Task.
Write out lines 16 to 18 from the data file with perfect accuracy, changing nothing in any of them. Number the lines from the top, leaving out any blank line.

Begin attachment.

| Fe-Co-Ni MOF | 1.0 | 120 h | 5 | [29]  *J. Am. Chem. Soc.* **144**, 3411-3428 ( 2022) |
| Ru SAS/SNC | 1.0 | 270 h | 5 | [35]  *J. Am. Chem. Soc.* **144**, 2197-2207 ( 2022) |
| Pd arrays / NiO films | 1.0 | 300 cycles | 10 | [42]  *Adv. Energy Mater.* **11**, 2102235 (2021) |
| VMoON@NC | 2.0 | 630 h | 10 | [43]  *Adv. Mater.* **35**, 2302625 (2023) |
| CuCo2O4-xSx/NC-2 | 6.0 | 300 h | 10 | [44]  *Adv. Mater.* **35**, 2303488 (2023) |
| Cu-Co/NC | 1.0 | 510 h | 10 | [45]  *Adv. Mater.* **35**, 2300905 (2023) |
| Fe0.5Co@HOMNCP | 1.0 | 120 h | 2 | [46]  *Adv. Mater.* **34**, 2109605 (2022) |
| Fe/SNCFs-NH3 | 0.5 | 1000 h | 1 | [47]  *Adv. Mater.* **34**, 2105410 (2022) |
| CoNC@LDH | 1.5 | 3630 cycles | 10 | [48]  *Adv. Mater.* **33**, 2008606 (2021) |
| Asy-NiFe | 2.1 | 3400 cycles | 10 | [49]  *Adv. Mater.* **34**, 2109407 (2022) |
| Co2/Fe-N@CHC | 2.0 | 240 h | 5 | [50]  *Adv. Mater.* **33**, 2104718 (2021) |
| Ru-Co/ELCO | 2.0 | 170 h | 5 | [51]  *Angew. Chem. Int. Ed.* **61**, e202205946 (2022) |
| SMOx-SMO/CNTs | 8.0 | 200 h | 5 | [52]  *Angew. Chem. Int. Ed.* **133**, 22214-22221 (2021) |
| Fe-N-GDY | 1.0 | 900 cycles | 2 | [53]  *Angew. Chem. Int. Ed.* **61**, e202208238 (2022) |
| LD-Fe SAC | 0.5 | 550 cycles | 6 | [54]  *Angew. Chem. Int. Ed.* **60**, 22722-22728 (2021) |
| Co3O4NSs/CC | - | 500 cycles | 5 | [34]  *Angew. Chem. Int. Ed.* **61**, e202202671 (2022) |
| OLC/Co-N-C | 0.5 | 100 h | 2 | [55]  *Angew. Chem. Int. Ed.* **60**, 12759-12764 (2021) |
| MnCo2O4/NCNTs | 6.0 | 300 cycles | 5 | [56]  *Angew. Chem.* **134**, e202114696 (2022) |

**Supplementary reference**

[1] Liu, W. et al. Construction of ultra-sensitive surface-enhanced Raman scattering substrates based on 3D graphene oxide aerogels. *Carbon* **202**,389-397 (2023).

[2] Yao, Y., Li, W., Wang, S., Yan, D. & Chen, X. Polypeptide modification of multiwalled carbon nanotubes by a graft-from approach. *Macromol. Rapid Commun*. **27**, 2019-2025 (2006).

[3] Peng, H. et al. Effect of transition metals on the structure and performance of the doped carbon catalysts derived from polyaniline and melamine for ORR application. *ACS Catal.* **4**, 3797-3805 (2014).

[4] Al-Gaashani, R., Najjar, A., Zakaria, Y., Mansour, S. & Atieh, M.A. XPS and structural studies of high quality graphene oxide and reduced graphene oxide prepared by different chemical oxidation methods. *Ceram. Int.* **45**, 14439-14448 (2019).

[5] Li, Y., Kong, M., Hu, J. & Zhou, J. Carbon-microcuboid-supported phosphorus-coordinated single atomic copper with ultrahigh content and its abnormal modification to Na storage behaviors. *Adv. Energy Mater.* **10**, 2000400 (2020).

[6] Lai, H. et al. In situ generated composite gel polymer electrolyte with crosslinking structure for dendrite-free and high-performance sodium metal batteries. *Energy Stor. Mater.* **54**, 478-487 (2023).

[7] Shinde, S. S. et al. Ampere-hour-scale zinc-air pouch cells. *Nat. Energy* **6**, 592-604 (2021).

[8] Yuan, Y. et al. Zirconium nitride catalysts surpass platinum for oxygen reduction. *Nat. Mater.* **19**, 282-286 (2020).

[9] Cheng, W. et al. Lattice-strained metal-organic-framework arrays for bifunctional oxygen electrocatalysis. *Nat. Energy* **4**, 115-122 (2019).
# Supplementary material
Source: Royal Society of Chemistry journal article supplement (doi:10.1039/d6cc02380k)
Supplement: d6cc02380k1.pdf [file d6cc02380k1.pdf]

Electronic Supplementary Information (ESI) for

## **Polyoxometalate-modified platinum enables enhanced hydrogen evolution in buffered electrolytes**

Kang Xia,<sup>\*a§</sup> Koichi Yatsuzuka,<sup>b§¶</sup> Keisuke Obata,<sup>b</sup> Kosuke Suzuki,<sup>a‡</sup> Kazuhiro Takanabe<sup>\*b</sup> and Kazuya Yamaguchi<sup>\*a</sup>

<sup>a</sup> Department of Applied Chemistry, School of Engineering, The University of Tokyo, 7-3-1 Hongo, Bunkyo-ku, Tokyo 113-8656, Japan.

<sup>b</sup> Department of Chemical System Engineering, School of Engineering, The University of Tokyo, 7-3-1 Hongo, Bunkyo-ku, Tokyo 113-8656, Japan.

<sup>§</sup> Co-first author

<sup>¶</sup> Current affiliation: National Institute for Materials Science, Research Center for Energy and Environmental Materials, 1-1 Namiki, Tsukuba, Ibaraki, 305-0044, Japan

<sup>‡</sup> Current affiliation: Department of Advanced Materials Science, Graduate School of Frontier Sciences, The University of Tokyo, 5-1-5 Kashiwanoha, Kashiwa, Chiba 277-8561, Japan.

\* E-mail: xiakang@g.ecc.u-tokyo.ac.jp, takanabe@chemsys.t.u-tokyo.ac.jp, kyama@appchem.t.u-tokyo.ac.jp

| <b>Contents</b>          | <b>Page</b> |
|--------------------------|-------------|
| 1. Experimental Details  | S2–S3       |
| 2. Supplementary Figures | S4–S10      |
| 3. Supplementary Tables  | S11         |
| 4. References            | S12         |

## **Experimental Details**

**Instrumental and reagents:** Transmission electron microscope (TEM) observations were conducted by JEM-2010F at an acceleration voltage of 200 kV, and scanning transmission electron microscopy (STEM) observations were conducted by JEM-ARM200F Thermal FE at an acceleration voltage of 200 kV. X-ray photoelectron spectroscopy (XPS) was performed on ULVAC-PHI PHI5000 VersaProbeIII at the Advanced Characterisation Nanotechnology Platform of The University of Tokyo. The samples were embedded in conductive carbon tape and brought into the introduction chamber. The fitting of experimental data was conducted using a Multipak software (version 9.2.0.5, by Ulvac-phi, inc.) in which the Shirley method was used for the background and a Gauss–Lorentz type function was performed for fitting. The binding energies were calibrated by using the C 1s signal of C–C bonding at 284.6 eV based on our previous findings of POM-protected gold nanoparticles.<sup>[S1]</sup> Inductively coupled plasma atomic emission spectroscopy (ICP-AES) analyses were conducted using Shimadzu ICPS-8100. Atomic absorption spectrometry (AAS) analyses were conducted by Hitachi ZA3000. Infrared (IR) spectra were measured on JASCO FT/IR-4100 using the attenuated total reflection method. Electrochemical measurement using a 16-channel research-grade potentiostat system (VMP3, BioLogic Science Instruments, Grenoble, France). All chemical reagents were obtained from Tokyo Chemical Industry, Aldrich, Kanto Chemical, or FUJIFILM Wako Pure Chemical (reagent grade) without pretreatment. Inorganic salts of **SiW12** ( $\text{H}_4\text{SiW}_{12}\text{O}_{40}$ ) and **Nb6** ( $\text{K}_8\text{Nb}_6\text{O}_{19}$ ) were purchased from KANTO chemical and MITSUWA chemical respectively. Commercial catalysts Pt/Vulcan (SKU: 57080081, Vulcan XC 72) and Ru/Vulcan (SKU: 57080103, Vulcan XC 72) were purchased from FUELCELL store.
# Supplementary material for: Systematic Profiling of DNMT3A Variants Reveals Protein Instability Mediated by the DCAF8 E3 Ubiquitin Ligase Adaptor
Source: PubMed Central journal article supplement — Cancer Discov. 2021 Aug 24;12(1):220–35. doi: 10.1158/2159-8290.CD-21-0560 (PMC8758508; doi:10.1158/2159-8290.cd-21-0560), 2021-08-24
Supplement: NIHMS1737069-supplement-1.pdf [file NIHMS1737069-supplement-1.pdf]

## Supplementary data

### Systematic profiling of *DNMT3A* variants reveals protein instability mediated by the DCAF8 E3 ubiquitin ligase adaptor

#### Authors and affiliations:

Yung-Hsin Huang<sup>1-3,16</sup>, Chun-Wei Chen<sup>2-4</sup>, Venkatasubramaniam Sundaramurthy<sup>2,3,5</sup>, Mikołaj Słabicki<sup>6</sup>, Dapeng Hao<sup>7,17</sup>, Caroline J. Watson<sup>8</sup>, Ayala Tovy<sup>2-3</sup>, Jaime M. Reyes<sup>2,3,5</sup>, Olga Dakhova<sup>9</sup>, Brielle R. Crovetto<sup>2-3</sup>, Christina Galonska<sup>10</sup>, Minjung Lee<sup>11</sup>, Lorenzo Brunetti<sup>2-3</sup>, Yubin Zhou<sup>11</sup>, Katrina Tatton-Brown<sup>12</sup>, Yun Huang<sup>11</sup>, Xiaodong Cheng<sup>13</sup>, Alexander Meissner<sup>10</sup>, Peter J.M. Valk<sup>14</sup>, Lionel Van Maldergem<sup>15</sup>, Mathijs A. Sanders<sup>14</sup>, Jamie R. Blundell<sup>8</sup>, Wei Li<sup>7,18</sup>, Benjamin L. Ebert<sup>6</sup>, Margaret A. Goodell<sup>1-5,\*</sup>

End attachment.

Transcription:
| Co3O4NSs/CC | - | 500 cycles | 5 | [34]  *Angew. Chem. Int. Ed.* **61**, e202202671 (2022) |
| OLC/Co-N-C | 0.5 | 100 h | 2 | [55]  *Angew. Chem. Int. Ed.* **60**, 12759-12764 (2021) |
| MnCo2O4/NCNTs | 6.0 | 300 cycles | 5 | [56]  *Angew. Chem.* **134**, e202114696 (2022) |